Here's what to do: separate your working files (the active stuff that you touch daily, or several times a week) from the reference files (the stuff you only look at occasionally).

So you'll make two fiiles for Spacely Sprockets: a working file and a reference file. the working file is in your desk and has only the current contract and papers relating to a recent order. It's easy to access the six pieces of paper (or email or Word docs) that are an issue today.

The reference file is in a file cabinet and contains everything you've ever done with Spacely. If you need it, it's there. When you don't -- which is most of the time -- it's out of your way.

The 80/20 rule holds true for your paperwork (and electronic files): 80% of your work will be in 20% of your files. Keep that 20% separate, and you'll avoid the stress and chaos of misplaced information.

Even if you eat at McDonalds.

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One -- and only one -- thing at a time, please.

Posted March 27, 2007 @ 10:32 PM

Repeat after me: multi-tasking doesn't work.

Saturday's New York Times ran an article on the perils of multi-tasking. According to the article, David E. Meyer, a cognitive scientist and director of the Brain, Cognition and Action Laboratory at the University of Michigan, reports that

Multitasking is going to slow you down, increasing the chances of mistakes. Disruptions and interruptions are a bad deal from the standpoint of our ability to process information.

And if you still believe that you're different, that you really can talk on the phone to a customer while writing an email, this is what René Marois, a neuroscientist and director of the Human Information Processing Laboratory at Vanderbilt University has to say:

A core limitation [of the human brain] is an inability to concentrate on two things at once.

But the truly pernicious effect of multi-tasking (which is really just rapid, sequential tasking) is not the lower efficiency and higher error rate. The real damage is due to our tendency to lose focus on the task at hand and forget what we were doing.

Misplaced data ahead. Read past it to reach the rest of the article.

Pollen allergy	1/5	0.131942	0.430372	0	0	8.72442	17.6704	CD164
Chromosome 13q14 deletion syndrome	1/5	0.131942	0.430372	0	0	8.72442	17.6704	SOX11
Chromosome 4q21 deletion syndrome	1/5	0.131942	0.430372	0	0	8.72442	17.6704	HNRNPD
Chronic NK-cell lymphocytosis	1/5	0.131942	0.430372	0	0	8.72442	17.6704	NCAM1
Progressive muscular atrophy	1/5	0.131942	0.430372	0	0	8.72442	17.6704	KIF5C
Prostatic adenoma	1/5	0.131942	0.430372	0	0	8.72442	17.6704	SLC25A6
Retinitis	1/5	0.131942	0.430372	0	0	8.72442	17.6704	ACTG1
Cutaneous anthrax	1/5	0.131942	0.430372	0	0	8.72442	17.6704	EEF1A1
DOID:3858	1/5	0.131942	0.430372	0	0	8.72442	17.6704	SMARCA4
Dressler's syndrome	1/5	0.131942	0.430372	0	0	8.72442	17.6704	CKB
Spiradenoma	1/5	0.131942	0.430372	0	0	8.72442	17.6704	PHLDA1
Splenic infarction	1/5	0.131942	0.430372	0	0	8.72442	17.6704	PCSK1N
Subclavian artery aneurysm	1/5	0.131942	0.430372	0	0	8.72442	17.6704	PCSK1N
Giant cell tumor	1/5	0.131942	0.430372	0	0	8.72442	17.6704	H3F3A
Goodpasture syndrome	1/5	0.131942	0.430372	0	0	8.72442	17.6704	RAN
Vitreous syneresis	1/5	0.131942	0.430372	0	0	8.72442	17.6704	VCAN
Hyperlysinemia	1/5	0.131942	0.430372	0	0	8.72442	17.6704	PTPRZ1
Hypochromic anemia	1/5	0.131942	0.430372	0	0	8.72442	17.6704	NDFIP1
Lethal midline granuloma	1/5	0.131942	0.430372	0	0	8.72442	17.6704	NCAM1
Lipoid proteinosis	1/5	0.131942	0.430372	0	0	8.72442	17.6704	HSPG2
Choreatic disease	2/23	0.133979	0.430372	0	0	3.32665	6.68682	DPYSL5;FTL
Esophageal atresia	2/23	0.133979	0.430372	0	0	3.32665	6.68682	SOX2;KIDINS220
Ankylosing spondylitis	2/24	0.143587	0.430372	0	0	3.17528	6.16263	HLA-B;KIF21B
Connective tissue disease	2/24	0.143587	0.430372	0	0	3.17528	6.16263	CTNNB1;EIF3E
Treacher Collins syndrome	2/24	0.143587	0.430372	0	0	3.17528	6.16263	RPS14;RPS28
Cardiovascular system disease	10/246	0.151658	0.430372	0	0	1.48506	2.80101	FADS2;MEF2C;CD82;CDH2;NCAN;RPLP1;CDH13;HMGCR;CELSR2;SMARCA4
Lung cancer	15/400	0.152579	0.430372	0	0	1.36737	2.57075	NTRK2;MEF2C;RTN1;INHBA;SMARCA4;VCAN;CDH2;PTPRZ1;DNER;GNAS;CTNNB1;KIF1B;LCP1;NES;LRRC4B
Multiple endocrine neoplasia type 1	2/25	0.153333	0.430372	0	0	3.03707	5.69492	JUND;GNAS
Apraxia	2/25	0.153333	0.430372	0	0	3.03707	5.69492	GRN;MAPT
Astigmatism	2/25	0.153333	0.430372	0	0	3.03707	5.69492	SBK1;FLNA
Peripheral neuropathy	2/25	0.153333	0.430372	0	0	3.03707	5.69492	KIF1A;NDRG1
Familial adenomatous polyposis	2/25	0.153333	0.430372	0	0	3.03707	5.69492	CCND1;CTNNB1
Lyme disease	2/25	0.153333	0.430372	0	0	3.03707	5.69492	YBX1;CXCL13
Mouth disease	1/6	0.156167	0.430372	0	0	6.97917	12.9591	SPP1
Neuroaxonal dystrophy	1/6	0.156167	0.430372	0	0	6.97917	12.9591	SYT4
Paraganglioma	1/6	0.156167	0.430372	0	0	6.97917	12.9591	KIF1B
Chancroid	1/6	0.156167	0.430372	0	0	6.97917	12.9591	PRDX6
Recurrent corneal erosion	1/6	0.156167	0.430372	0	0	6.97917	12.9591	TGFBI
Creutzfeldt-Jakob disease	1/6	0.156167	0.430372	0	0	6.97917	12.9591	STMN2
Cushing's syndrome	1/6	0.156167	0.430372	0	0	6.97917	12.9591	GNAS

The NYTimes article points out that

In a recent study, a group of Microsoft workers took, on average, 15 minutes to return to serious mental tasks, like writing reports or computer code, after responding to incoming e-mail or instant messages. They strayed off to reply to other messages or browse news, sports or entertainment Web sites. I was surprised by how easily people were distracted and how long it took them to get back to the task,” said Eric Horvitz, a Microsoft research scientist and co-author, with Shamsi Iqbal of the University of Illinois. If it’s this bad at Microsoft,” Mr. Horvitz added, “it has to be bad at other companies, too."

Are you ever frustrated because you lose track of the little things at work? Or, conversely, that you never seem to finish the important tasks on your list? Well, choose a few blocks of time during the day and learn to say "no." No interruptions. No email. No phone calls. No distractions. No multi-tasking. Just focus on your work and get it done.

It works. Really, it does. Just give it a try. One task at a time.

(Read Merlin Mann's excellent post on this topic here. Or read & download a longer article I've written here.)